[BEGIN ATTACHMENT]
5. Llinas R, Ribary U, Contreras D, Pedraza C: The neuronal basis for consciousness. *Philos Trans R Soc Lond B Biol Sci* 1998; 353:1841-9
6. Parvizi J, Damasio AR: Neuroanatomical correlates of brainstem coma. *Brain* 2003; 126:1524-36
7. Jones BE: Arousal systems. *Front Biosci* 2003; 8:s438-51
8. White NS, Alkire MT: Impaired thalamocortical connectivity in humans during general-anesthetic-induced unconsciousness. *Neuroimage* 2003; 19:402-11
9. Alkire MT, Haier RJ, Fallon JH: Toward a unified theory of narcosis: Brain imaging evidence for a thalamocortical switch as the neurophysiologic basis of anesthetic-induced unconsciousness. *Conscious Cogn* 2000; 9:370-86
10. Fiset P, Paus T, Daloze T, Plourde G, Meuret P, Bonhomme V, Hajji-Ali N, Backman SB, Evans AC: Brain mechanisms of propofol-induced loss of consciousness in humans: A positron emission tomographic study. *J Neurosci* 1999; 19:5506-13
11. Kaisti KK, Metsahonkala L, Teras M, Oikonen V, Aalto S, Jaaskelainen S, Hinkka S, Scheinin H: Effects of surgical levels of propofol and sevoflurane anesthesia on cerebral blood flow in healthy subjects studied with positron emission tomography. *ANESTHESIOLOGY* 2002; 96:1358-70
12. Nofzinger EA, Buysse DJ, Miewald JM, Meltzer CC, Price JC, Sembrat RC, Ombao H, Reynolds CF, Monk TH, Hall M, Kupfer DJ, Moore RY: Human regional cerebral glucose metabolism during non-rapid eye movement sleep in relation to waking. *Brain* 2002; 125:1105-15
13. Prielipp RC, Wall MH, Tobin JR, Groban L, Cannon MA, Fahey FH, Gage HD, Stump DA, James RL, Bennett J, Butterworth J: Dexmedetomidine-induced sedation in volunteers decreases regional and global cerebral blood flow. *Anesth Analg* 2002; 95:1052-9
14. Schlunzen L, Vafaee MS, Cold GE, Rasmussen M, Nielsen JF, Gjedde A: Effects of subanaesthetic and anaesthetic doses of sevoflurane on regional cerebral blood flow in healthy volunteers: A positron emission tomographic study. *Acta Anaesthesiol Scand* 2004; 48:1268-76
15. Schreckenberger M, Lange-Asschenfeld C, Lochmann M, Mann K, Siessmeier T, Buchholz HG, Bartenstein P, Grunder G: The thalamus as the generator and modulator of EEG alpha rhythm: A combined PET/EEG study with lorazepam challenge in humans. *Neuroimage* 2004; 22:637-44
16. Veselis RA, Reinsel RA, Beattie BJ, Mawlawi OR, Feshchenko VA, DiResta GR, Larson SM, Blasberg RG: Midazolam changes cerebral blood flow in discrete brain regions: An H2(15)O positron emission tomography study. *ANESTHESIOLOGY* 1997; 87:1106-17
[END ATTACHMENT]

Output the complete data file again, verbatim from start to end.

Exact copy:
5. Llinas R, Ribary U, Contreras D, Pedraza C: The neuronal basis for consciousness. *Philos Trans R Soc Lond B Biol Sci* 1998; 353:1841-9
6. Parvizi J, Damasio AR: Neuroanatomical correlates of brainstem coma. *Brain* 2003; 126:1524-36
7. Jones BE: Arousal systems. *Front Biosci* 2003; 8:s438-51
8. White NS, Alkire MT: Impaired thalamocortical connectivity in humans during general-anesthetic-induced unconsciousness. *Neuroimage* 2003; 19:402-11
9. Alkire MT, Haier RJ, Fallon JH: Toward a unified theory of narcosis: Brain imaging evidence for a thalamocortical switch as the neurophysiologic basis of anesthetic-induced unconsciousness. *Conscious Cogn* 2000; 9:370-86
10. Fiset P, Paus T, Daloze T, Plourde G, Meuret P, Bonhomme V, Hajji-Ali N, Backman SB, Evans AC: Brain mechanisms of propofol-induced loss of consciousness in humans: A positron emission tomographic study. *J Neurosci* 1999; 19:5506-13
11. Kaisti KK, Metsahonkala L, Teras M, Oikonen V, Aalto S, Jaaskelainen S, Hinkka S, Scheinin H: Effects of surgical levels of propofol and sevoflurane anesthesia on cerebral blood flow in healthy subjects studied with positron emission tomography. *ANESTHESIOLOGY* 2002; 96:1358-70
12. Nofzinger EA, Buysse DJ, Miewald JM, Meltzer CC, Price JC, Sembrat RC, Ombao H, Reynolds CF, Monk TH, Hall M, Kupfer DJ, Moore RY: Human regional cerebral glucose metabolism during non-rapid eye movement sleep in relation to waking. *Brain* 2002; 125:1105-15
13. Prielipp RC, Wall MH, Tobin JR, Groban L, Cannon MA, Fahey FH, Gage HD, Stump DA, James RL, Bennett J, Butterworth J: Dexmedetomidine-induced sedation in volunteers decreases regional and global cerebral blood flow. *Anesth Analg* 2002; 95:1052-9
14. Schlunzen L, Vafaee MS, Cold GE, Rasmussen M, Nielsen JF, Gjedde A: Effects of subanaesthetic and anaesthetic doses of sevoflurane on regional cerebral blood flow in healthy volunteers: A positron emission tomographic study. *Acta Anaesthesiol Scand* 2004; 48:1268-76
15. Schreckenberger M, Lange-Asschenfeld C, Lochmann M, Mann K, Siessmeier T, Buchholz HG, Bartenstein P, Grunder G: The thalamus as the generator and modulator of EEG alpha rhythm: A combined PET/EEG study with lorazepam challenge in humans. *Neuroimage* 2004; 22:637-44
16. Veselis RA, Reinsel RA, Beattie BJ, Mawlawi OR, Feshchenko VA, DiResta GR, Larson SM, Blasberg RG: Midazolam changes cerebral blood flow in discrete brain regions: An H2(15)O positron emission tomography study. *ANESTHESIOLOGY* 1997; 87:1106-17